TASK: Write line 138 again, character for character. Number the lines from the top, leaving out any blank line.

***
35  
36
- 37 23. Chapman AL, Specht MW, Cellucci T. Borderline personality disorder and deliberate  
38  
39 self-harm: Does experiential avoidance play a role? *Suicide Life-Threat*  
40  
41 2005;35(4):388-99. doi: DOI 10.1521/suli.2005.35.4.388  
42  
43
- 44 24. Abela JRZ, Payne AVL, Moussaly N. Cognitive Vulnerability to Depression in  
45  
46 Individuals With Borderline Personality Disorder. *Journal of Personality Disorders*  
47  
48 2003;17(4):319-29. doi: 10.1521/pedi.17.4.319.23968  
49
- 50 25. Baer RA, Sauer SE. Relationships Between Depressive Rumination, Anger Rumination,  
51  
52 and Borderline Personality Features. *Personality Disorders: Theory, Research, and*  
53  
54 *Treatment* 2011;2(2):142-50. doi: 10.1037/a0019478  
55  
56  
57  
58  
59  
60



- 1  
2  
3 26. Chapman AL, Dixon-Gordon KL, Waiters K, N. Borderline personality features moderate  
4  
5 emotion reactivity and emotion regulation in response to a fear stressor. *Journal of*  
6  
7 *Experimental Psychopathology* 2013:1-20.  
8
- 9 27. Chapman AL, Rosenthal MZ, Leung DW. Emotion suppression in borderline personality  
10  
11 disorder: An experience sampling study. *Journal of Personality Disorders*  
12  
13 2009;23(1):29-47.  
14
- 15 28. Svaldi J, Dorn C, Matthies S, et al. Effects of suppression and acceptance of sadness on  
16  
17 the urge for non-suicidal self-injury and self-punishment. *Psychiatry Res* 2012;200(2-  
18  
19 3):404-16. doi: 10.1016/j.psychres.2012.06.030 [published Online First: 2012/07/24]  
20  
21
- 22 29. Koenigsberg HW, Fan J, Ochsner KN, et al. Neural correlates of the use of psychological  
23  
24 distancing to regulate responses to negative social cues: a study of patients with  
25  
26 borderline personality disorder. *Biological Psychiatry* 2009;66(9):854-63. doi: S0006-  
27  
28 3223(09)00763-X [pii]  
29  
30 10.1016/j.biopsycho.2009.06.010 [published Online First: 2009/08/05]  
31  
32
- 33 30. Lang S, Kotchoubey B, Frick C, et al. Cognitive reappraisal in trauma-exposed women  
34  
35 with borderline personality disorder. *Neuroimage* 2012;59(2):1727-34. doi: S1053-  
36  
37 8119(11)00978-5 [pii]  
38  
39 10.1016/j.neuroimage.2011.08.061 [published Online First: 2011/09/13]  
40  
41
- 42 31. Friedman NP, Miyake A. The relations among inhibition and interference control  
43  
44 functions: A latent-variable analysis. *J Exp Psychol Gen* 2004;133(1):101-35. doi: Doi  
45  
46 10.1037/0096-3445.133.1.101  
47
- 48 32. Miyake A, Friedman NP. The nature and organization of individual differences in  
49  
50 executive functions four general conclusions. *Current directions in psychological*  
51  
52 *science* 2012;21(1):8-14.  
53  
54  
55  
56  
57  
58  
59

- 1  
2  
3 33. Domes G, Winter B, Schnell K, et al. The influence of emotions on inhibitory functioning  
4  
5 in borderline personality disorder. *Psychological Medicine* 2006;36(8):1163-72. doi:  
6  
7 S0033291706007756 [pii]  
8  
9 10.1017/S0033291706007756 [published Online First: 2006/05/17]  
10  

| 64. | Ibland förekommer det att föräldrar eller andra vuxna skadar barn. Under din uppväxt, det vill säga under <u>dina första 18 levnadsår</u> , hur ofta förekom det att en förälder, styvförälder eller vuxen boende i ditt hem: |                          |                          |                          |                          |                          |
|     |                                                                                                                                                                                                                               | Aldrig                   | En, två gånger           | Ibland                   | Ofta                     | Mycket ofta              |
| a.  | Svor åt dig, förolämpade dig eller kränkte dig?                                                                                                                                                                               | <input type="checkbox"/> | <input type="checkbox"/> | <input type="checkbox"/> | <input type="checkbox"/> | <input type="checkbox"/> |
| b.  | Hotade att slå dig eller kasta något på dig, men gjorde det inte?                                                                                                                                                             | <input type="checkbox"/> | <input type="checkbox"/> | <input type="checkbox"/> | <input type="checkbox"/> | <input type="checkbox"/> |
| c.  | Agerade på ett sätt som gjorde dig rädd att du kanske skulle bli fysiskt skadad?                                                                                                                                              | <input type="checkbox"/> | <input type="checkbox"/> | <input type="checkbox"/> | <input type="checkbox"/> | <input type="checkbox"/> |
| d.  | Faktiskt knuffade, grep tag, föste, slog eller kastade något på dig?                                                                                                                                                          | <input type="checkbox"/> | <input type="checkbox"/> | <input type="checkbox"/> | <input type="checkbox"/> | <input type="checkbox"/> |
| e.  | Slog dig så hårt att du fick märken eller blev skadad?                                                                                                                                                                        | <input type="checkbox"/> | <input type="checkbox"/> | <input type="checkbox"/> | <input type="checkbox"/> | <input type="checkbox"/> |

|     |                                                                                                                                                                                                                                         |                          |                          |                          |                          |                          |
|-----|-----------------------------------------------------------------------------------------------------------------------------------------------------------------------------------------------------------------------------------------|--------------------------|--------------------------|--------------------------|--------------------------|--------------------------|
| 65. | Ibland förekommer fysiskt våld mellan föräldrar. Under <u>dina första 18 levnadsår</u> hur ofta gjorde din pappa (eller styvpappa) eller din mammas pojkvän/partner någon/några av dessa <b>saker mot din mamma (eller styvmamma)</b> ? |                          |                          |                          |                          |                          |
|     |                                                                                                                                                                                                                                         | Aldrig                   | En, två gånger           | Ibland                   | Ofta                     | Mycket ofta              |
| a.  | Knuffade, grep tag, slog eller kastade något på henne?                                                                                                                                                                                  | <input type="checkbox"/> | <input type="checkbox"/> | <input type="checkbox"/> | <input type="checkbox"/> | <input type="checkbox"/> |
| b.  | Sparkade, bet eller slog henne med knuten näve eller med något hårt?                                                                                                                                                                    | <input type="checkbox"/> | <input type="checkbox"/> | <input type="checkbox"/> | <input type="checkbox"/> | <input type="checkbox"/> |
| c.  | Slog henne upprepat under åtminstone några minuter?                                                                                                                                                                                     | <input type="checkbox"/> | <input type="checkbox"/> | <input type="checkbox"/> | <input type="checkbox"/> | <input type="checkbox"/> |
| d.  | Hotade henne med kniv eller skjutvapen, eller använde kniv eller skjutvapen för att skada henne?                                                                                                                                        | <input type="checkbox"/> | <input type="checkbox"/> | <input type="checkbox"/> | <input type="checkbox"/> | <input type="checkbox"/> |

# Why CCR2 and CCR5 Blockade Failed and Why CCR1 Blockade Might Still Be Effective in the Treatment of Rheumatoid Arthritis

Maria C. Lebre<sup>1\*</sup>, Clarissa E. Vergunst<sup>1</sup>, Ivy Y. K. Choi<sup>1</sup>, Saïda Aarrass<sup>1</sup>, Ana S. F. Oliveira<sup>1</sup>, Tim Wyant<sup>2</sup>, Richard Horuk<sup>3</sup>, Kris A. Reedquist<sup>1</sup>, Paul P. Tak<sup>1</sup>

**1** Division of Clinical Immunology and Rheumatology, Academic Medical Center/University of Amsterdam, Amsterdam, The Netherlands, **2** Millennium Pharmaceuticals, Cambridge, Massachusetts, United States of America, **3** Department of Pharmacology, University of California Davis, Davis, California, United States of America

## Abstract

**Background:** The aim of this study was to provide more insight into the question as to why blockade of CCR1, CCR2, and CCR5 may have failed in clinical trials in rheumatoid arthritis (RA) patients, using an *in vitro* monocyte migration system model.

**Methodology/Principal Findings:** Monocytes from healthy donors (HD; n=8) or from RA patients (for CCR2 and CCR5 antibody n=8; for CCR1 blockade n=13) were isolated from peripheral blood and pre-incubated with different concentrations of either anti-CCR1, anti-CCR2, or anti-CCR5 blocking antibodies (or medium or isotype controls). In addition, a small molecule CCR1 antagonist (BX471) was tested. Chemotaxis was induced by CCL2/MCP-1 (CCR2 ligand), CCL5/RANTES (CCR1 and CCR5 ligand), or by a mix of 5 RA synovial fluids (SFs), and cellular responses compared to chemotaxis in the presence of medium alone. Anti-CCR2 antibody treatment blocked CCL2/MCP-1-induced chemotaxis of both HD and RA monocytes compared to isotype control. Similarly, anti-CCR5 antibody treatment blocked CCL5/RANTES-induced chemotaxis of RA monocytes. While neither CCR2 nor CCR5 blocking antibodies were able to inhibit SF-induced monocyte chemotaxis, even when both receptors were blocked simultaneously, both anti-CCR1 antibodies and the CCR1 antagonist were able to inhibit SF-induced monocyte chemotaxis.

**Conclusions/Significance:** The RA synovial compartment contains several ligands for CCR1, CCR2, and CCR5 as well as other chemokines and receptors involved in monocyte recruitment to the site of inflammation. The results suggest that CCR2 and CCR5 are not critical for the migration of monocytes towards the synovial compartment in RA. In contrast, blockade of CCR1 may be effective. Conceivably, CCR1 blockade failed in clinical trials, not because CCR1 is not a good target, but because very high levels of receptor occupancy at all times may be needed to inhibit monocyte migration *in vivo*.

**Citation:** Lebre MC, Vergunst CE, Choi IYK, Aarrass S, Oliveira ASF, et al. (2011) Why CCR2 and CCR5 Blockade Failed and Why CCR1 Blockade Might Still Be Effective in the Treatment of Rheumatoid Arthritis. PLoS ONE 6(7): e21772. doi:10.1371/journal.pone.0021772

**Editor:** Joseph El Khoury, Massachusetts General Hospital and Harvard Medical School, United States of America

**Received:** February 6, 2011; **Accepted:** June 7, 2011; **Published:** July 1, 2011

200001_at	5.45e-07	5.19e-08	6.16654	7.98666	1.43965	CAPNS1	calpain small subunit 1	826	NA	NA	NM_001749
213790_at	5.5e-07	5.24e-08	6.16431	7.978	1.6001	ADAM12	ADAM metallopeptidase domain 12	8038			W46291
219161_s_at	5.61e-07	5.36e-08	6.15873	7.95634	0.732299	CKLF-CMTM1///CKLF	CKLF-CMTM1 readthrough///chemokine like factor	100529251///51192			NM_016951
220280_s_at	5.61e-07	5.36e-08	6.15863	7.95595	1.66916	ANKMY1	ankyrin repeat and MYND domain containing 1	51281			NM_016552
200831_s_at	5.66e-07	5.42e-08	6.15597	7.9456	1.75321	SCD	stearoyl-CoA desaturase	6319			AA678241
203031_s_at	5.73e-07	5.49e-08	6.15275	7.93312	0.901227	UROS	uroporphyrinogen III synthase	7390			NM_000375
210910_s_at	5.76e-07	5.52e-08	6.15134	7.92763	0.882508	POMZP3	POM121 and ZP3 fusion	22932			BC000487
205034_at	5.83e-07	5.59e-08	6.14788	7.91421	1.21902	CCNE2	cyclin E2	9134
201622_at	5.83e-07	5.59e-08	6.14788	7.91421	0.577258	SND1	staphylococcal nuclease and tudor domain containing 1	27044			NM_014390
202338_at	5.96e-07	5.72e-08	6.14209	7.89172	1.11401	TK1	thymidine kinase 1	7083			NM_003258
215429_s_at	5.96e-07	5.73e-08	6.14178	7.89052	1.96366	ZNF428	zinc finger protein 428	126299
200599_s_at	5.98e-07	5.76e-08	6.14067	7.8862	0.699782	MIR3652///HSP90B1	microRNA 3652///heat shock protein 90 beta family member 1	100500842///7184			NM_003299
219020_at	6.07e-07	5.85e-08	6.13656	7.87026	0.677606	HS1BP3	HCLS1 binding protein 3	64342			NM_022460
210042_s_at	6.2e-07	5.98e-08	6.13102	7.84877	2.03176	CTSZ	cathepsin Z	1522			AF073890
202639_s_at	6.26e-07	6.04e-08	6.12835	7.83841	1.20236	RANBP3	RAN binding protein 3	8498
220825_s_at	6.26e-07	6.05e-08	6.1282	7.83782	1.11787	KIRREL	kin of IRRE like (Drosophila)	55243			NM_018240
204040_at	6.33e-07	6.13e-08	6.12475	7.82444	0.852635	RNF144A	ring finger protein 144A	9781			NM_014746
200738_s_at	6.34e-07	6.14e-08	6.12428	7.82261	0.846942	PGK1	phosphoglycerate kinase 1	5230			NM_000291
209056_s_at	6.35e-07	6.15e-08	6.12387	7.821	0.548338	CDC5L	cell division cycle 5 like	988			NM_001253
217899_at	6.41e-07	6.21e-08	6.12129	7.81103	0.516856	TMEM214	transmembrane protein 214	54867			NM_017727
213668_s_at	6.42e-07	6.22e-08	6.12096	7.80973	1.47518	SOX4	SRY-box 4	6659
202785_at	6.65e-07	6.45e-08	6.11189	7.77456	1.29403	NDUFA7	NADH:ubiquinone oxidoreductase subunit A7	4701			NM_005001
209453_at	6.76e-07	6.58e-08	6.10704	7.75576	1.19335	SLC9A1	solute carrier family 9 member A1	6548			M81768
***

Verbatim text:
200738_s_at	6.34e-07	6.14e-08	6.12428	7.82261	0.846942	PGK1	phosphoglycerate kinase 1	5230			NM_000291